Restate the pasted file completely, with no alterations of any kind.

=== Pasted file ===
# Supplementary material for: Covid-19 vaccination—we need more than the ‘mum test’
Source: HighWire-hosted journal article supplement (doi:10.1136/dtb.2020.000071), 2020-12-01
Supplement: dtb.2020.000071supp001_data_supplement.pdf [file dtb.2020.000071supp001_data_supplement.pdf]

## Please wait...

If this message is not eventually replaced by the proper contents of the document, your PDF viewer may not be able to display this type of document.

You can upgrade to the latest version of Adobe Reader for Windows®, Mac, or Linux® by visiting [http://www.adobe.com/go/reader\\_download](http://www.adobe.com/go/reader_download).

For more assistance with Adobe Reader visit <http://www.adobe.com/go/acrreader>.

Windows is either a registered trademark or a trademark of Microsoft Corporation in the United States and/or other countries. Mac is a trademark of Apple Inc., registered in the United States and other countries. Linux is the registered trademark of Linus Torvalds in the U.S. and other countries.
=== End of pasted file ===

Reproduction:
# Supplementary material for: Covid-19 vaccination—we need more than the ‘mum test’
Source: HighWire-hosted journal article supplement (doi:10.1136/dtb.2020.000071), 2020-12-01
Supplement: dtb.2020.000071supp001_data_supplement.pdf [file dtb.2020.000071supp001_data_supplement.pdf]

## Please wait...

If this message is not eventually replaced by the proper contents of the document, your PDF viewer may not be able to display this type of document.

You can upgrade to the latest version of Adobe Reader for Windows®, Mac, or Linux® by visiting [http://www.adobe.com/go/reader\\_download](http://www.adobe.com/go/reader_download).

For more assistance with Adobe Reader visit <http://www.adobe.com/go/acrreader>.

Windows is either a registered trademark or a trademark of Microsoft Corporation in the United States and/or other countries. Mac is a trademark of Apple Inc., registered in the United States and other countries. Linux is the registered trademark of Linus Torvalds in the U.S. and other countries.